No Longer Slaves


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Jason Abbott and I wrote a book called More People to LoveHow the Bible Starts in a Garden and Ends in a City and What That Means for You. Brant Hansen, a nationally syndicated Christian radio host, wrote the foreword.

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In the spring, we introduced our church to the song “No Longer Slaves” by Bethel Music. If you haven’t heard the song before, you need to. You can watch the video here, see the lyrics at, and you can buy the song (and album) on iTunes.

But before I leap into this post, let me acknowledge one thing. Apparently, there are some theological issues worthy of discussion around Bethel Church and their understanding of apostleship and authority, as well as their practice of spiritual gifts.* While these are important topics, they won’t take us in the direction I want to pursue in this post.

Here, I only want to share five reasons why I love this song.

1. I love when ‘singing themes’ overlap with ‘preaching themes.’

In our church, we try to sing songs that share themes with the sermon. In other words, we try to sing what we preach and preach what we sing. This tends to help us, I believe, live what we preach.

Coordination between music and preaching doesn’t always work out, nor should it have to, but it is the ideal. And this spring, as we were teaching through Galatians, it was the perfect time to introduce “No Longer Slaves” since the song comes primarily from Galatians 4:4-7, 31 (and also Romans 8:12-16).

2. I love the powerful, gospel imagery.

Slavery. Bondage. Deliverance. These are explosive themes in our culture, like firecrackers dipped in gasoline and rolled in magnesium.

Consider the acclaim of a movie like “12 Years a Slave.” As a friend pointed out to me, the movie was nominated for 323 movie awards and won 164 of them, including three Academy Awards, a Golden Globe, and a Screen Actors Guild. Additionally, the movie has a 96% “fresh” score on Rotten Tomatoes despite being a very difficult movie to watch. It’s tough to find any movie with such a high score on RT.

It’s not just a cultural issue, either. Themes of slavery, bondage, and deliverance are supercharged biblical motifs, as well, motifs which reach their apex in the gospel message of Jesus Christ.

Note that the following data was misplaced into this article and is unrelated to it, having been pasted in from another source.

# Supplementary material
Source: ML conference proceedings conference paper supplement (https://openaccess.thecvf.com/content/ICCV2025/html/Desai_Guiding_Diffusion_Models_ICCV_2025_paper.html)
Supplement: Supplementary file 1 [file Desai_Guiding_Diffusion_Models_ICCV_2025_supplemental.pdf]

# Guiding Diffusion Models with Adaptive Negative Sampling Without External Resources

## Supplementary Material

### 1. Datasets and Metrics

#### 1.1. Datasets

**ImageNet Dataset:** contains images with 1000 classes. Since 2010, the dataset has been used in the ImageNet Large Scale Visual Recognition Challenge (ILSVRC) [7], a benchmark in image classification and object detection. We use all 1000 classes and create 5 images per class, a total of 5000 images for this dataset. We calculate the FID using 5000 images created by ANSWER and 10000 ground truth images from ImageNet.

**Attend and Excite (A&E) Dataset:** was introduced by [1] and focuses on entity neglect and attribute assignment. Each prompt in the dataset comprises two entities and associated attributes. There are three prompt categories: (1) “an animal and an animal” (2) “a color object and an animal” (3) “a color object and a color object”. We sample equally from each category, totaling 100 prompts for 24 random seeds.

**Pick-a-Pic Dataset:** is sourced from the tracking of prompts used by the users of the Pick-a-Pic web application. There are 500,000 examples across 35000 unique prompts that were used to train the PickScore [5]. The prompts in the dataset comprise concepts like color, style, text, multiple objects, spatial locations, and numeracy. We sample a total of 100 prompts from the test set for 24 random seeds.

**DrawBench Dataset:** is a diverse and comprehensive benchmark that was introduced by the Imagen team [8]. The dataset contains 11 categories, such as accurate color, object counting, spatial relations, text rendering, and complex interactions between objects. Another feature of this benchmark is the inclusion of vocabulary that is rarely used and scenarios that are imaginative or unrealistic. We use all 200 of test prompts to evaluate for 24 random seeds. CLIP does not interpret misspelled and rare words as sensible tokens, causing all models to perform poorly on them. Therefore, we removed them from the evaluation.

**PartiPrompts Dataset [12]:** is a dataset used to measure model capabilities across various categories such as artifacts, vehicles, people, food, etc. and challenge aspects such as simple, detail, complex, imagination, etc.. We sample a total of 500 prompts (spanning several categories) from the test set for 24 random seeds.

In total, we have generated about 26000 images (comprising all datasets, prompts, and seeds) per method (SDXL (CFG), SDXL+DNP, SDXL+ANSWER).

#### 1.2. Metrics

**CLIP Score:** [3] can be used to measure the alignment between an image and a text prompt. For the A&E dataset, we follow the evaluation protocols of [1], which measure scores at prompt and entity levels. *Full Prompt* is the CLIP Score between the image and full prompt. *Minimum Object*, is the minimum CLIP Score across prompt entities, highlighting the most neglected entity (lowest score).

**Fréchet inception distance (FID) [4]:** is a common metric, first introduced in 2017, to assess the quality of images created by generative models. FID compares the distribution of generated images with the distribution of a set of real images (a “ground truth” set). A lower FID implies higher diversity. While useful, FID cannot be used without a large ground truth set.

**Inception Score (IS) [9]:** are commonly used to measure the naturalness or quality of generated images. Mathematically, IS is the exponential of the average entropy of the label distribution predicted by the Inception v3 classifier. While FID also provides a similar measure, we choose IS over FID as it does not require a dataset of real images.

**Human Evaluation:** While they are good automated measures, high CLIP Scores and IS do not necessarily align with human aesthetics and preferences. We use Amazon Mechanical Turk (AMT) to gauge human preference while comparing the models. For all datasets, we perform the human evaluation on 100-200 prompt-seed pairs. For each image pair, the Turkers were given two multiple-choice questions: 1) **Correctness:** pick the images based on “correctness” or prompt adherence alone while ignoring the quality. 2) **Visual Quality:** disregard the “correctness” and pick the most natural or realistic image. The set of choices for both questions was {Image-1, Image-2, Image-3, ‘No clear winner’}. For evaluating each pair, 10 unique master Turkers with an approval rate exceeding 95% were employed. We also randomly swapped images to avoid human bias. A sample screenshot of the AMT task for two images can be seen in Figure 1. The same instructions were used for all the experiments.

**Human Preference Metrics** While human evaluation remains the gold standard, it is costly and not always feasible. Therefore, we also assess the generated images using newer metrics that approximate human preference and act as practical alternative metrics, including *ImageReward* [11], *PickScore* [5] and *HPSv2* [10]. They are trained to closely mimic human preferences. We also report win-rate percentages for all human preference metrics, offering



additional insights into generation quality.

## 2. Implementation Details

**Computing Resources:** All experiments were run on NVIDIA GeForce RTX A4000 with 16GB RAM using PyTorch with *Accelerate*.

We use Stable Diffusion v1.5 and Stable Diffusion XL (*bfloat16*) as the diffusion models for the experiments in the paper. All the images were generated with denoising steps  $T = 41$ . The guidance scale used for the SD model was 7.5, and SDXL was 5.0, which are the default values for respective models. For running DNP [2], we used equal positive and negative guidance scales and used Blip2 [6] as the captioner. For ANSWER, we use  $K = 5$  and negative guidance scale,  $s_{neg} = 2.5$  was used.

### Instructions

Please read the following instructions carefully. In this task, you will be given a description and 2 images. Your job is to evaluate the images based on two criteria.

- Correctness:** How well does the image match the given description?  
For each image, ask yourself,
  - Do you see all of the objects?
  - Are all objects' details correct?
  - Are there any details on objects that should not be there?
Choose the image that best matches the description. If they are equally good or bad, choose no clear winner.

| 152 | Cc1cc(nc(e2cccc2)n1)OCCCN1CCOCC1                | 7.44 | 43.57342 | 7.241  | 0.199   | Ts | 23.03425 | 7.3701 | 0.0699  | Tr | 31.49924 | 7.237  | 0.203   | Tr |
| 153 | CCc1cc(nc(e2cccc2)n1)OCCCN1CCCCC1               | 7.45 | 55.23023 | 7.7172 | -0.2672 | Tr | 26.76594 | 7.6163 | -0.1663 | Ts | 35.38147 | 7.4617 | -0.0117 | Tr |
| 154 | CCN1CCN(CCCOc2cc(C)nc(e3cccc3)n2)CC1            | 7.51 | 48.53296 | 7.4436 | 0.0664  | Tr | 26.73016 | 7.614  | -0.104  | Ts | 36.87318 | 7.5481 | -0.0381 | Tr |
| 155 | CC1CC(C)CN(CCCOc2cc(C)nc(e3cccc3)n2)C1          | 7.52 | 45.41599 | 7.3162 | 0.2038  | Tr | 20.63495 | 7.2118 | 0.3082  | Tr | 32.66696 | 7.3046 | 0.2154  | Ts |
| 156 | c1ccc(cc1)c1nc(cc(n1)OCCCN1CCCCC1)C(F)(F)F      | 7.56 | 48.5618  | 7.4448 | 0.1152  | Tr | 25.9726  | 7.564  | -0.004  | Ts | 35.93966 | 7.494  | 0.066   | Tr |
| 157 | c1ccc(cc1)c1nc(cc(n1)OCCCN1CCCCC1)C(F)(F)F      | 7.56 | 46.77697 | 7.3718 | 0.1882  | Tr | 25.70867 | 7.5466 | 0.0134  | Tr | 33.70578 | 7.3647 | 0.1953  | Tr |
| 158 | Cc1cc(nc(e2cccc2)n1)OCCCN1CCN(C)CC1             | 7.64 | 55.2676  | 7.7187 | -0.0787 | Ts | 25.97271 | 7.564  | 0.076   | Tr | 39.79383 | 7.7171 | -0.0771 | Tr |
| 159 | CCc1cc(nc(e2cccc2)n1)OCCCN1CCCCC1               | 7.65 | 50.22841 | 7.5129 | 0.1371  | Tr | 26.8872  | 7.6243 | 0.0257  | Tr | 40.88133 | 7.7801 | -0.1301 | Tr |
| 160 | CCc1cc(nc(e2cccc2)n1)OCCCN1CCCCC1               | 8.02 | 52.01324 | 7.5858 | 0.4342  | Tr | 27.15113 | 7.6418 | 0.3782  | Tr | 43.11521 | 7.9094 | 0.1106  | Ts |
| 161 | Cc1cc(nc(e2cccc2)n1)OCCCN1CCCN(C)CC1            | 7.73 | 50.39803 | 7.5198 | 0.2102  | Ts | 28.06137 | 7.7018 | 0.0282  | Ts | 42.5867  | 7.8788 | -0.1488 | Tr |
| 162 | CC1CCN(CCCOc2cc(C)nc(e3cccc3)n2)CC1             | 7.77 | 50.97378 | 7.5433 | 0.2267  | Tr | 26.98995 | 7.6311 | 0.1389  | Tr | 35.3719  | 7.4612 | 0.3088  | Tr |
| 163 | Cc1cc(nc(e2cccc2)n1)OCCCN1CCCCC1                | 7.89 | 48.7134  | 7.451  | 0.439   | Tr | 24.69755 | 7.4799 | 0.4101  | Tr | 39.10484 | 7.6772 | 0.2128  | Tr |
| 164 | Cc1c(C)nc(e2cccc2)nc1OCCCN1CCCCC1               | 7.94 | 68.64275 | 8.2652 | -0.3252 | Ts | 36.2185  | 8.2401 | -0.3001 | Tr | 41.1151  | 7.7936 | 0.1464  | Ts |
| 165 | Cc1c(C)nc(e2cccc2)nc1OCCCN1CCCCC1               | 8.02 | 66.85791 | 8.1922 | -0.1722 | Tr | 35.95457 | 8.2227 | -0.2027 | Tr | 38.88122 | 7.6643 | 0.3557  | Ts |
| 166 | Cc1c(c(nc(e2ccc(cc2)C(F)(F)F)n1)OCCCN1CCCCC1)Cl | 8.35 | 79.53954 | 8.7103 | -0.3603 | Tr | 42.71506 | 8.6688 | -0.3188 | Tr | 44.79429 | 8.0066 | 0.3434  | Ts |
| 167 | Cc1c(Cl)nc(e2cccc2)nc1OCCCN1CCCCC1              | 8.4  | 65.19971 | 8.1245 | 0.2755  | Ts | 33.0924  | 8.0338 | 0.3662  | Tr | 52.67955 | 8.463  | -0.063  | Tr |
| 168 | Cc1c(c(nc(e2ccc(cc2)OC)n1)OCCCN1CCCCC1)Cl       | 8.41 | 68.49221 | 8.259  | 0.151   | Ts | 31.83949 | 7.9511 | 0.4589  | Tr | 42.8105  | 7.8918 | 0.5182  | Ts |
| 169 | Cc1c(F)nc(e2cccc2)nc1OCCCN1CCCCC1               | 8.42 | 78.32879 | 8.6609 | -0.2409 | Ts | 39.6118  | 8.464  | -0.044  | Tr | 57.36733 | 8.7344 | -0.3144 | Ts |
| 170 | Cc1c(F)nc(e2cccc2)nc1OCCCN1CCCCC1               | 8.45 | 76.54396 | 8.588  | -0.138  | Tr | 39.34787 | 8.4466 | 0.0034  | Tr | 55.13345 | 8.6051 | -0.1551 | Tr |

The gospel is the announcement that Messiah has come, and through his costly death and victorious resurrection, he’s delivered his people from slavery to sin, bringing them into the freedom of relationship with God.

Or, in short, the gospel is the announcement of how orphans become children and slaves become heirs.

And that’s something to sing about.

3. I love the line “All my fears were drowned in perfect love.”

I had missed it so many times, but on one morning as we sang it in church, I finally noticed it. The first two lines from the bridge go like this:

You split the sea, so I could walk right through it
All my fears were drowned in perfect love

Obviously, the imagery in the first line is from Exodus (“you split the sea…”), but finally, after listening to the song maybe 20 times, I noticed the same Exodus imagery in the second line as well: “All my fears were drowned in perfect love.”

In the Exodus, God splits the Red Sea; the Israelites walk through it; and then, the perfect and protecting love of God that parted the Sea for his people, then un-parts the Sea—drowning all the enemies of God’s people (“All my fears were drowned in perfect love”).

4. I love the warmth.

I love the line, “You surround me, with songs of deliverance, until all my fears are gone.” It reminds me that God, in all of his terrifying power, is my salvation.

We see similar reflection on God’s power and love in Psalm 136:10-17. In this passage, the “steadfast love” of God is repeatedly juxtaposed with God’s crushing power on display in Exodus. Just think, the mighty arms that drowned Pharaoh’s chariots are the same arms that embrace us in Jesus Christ.

5. I love the raw emotion.

Finally, I just love the raw emotion. Have you listened to the whole song? Have you heard the ending?

One of the volunteer music leaders at our church pointed this out to me. He told me that singing as Jonathan David Helser does near the end of the song, is not good for your vocal cords—not good at all. Apparently, it puts them under duress. (You can jump to this part in the song here.)

I’m certainly not musically trained, but I’m sure that’s probably true.

But he sure sounds passionate, doesn’t he?



[I want to say a special “thank you” to Ben Bechtel and David Barreca for reviewing this post and their musical leadership at our church. And thanks to everyone at Community Evangelical Free Church who serves in our music ministry. You help us encounter and live the gospel.]

* For an interesting podcast that discusses these issues, listen to the first hour of Greg Koukl’s interview with Doug Geivett on Stand to Reason. Bethel Church is named around 46:30, but you’ll need to listen earlier if you want to understand the context.